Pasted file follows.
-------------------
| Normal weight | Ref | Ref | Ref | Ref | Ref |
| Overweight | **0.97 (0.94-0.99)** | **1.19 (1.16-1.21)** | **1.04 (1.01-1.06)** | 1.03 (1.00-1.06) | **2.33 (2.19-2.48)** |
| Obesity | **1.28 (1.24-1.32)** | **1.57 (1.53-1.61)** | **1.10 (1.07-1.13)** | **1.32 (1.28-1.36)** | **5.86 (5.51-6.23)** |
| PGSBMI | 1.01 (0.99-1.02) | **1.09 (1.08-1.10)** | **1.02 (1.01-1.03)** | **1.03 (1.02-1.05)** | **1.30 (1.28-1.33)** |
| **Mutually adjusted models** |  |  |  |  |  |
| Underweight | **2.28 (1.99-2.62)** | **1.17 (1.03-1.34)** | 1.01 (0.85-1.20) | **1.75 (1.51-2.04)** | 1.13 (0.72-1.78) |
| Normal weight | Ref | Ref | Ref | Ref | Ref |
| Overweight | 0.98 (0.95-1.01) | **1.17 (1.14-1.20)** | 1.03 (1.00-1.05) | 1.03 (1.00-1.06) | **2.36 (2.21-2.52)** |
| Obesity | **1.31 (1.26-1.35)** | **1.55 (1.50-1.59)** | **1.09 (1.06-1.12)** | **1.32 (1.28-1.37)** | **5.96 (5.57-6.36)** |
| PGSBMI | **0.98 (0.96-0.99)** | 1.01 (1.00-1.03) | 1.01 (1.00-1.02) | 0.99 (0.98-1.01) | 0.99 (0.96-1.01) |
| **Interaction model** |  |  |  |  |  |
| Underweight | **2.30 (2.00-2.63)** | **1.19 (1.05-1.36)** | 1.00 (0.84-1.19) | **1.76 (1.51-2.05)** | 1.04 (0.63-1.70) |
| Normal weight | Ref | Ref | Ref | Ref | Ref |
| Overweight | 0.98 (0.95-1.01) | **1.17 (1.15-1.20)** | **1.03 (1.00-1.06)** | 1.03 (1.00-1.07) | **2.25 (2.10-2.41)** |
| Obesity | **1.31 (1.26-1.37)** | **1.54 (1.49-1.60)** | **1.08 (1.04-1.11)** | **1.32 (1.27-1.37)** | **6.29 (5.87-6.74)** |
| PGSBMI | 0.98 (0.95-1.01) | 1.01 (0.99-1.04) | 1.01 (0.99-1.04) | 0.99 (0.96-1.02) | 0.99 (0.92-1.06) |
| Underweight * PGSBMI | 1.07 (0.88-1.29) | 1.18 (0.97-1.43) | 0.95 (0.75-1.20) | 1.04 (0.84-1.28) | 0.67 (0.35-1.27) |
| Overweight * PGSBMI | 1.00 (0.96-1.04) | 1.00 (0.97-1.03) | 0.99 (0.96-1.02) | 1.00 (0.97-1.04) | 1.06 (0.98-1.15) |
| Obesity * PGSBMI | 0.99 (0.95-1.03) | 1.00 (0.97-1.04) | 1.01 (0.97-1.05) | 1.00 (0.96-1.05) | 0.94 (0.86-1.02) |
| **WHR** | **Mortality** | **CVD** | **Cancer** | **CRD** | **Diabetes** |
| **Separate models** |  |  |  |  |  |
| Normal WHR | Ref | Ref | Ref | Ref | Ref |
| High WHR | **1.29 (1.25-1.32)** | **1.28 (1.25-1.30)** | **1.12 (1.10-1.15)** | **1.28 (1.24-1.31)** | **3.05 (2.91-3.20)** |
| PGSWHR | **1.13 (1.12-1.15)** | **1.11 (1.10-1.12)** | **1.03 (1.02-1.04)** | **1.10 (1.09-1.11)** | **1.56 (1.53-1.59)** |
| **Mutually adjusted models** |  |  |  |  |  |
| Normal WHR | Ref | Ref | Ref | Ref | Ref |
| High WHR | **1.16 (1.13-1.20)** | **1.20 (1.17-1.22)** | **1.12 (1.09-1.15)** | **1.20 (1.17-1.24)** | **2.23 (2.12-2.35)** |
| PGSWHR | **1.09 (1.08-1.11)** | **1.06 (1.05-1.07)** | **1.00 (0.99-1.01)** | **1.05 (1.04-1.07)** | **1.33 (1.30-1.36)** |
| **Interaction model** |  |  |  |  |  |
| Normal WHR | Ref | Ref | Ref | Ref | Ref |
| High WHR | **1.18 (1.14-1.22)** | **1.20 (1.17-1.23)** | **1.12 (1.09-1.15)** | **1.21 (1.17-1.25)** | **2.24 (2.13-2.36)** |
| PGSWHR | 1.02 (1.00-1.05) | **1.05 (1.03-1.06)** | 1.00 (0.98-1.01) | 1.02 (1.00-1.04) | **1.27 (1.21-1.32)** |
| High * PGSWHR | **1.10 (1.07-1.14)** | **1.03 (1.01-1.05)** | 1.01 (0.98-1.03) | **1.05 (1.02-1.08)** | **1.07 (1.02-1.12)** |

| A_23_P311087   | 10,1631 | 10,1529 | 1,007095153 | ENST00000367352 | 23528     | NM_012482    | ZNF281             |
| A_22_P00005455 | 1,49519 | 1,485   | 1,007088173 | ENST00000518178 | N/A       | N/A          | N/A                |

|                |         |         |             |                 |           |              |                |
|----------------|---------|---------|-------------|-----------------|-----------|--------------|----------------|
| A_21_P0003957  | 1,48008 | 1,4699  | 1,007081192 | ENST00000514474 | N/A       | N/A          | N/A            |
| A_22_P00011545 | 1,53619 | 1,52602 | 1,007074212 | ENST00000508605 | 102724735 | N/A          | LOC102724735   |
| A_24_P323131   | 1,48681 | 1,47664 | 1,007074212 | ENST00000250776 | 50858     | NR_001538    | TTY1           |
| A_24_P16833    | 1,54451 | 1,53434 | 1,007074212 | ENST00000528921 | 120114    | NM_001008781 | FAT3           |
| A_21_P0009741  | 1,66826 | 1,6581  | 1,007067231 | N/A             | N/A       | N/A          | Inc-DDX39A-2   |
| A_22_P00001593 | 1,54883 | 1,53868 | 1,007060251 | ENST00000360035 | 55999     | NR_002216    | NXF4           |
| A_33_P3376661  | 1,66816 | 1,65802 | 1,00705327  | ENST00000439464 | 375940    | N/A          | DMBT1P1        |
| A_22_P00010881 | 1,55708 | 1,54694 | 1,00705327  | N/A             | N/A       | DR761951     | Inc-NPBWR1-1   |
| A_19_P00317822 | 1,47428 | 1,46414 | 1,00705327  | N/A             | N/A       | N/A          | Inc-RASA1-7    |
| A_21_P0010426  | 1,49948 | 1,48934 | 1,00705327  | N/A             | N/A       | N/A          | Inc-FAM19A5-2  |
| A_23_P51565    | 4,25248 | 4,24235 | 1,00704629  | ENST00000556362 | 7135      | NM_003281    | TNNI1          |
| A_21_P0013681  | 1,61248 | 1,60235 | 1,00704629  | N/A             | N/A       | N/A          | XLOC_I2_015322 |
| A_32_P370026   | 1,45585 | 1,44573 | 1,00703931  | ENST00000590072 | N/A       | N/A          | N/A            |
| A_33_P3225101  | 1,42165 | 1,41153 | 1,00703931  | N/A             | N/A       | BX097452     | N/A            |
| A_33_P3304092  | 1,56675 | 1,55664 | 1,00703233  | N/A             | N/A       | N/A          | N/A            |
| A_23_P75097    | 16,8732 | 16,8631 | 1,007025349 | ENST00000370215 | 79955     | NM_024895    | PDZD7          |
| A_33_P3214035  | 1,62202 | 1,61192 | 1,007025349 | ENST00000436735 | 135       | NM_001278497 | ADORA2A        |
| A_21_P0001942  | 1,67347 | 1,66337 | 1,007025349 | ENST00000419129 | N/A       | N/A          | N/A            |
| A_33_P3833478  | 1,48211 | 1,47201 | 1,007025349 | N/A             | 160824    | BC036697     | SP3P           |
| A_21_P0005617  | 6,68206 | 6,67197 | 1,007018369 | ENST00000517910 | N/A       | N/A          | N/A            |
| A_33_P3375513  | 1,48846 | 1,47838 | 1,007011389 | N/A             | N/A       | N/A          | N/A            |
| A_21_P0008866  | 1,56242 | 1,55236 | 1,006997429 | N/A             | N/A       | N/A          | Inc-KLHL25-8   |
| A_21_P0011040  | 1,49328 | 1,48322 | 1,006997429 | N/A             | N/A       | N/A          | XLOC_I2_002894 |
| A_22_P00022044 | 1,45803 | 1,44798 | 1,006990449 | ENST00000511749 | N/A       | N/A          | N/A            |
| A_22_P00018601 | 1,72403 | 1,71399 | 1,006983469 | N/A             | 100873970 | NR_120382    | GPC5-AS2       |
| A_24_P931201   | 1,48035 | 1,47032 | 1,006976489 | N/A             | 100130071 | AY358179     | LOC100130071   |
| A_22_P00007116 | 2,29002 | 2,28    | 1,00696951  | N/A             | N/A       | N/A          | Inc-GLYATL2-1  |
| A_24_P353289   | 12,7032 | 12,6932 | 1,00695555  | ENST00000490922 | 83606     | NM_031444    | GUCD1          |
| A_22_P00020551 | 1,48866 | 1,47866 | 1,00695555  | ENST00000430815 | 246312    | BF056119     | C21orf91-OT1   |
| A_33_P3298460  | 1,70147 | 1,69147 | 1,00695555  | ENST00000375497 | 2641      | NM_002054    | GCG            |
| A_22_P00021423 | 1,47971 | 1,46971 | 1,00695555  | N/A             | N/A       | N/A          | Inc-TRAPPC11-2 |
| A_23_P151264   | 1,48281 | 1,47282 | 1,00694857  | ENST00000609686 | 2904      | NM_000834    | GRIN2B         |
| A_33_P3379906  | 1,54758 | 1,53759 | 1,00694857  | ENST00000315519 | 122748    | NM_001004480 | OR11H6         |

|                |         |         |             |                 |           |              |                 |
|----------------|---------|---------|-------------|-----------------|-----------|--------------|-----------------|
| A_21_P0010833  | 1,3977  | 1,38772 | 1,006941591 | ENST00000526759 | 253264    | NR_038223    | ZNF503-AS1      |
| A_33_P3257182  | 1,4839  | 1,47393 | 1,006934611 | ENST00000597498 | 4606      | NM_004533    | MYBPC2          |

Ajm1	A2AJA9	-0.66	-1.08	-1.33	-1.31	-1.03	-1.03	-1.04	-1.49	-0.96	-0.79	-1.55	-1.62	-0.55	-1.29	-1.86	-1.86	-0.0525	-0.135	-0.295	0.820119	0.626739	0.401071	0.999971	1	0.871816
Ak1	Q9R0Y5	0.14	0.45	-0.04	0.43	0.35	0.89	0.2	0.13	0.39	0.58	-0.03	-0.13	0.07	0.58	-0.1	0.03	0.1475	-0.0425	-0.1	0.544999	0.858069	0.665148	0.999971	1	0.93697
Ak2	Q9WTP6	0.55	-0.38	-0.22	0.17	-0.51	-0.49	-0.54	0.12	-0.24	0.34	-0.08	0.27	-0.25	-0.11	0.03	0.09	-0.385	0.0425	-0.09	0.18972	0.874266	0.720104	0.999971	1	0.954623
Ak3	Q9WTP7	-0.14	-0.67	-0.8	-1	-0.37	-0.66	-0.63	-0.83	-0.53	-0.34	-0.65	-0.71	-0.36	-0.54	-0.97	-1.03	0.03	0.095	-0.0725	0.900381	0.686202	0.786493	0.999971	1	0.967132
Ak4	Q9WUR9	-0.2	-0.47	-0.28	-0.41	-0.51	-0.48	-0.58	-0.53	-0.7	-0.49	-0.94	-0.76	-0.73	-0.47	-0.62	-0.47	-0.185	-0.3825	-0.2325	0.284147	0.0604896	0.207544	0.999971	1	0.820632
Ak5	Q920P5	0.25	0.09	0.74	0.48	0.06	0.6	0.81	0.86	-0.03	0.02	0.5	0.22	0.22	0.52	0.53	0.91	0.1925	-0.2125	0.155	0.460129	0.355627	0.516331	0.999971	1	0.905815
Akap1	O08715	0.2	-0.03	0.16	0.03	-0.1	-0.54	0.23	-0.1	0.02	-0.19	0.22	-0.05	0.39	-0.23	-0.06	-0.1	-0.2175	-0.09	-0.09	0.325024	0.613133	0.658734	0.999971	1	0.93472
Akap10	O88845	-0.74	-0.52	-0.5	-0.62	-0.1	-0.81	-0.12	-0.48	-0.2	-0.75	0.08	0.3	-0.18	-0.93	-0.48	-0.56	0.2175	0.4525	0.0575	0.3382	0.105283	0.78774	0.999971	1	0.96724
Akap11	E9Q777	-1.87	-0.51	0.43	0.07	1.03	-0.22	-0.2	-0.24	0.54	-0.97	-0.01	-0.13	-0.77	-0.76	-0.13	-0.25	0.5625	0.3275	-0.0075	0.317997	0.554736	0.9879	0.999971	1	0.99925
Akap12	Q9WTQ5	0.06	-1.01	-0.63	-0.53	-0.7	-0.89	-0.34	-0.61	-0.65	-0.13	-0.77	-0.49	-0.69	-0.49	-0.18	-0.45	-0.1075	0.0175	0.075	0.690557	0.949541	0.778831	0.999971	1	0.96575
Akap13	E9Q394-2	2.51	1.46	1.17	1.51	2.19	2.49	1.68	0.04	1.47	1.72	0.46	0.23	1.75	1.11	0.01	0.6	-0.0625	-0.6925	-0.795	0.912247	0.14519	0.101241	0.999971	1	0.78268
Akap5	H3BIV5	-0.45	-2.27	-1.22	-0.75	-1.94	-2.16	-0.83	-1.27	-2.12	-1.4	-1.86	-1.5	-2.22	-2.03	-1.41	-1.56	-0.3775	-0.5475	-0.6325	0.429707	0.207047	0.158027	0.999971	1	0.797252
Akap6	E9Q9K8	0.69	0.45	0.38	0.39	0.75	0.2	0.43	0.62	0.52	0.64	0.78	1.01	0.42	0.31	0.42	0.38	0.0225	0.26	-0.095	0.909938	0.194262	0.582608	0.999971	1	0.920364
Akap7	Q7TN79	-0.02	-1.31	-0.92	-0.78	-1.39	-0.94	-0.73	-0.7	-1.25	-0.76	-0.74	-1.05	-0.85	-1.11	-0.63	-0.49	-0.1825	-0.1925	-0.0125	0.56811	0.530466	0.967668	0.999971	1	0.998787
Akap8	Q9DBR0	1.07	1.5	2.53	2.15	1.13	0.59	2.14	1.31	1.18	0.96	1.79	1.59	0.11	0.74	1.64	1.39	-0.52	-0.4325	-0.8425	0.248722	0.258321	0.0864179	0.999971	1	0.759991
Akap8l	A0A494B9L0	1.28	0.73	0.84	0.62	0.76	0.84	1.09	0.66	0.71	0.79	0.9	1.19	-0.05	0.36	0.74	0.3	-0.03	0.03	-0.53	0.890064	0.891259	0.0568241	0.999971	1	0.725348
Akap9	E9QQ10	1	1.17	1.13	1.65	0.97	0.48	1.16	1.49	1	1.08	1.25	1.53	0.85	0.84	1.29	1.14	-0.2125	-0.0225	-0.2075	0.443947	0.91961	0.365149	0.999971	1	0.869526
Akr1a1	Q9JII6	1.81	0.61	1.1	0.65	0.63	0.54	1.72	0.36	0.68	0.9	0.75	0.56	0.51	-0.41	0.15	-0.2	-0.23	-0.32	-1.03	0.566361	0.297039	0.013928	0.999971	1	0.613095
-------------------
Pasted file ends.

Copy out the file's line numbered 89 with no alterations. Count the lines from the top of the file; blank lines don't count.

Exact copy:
Akap8	Q9DBR0	1.07	1.5	2.53	2.15	1.13	0.59	2.14	1.31	1.18	0.96	1.79	1.59	0.11	0.74	1.64	1.39	-0.52	-0.4325	-0.8425	0.248722	0.258321	0.0864179	0.999971	1	0.759991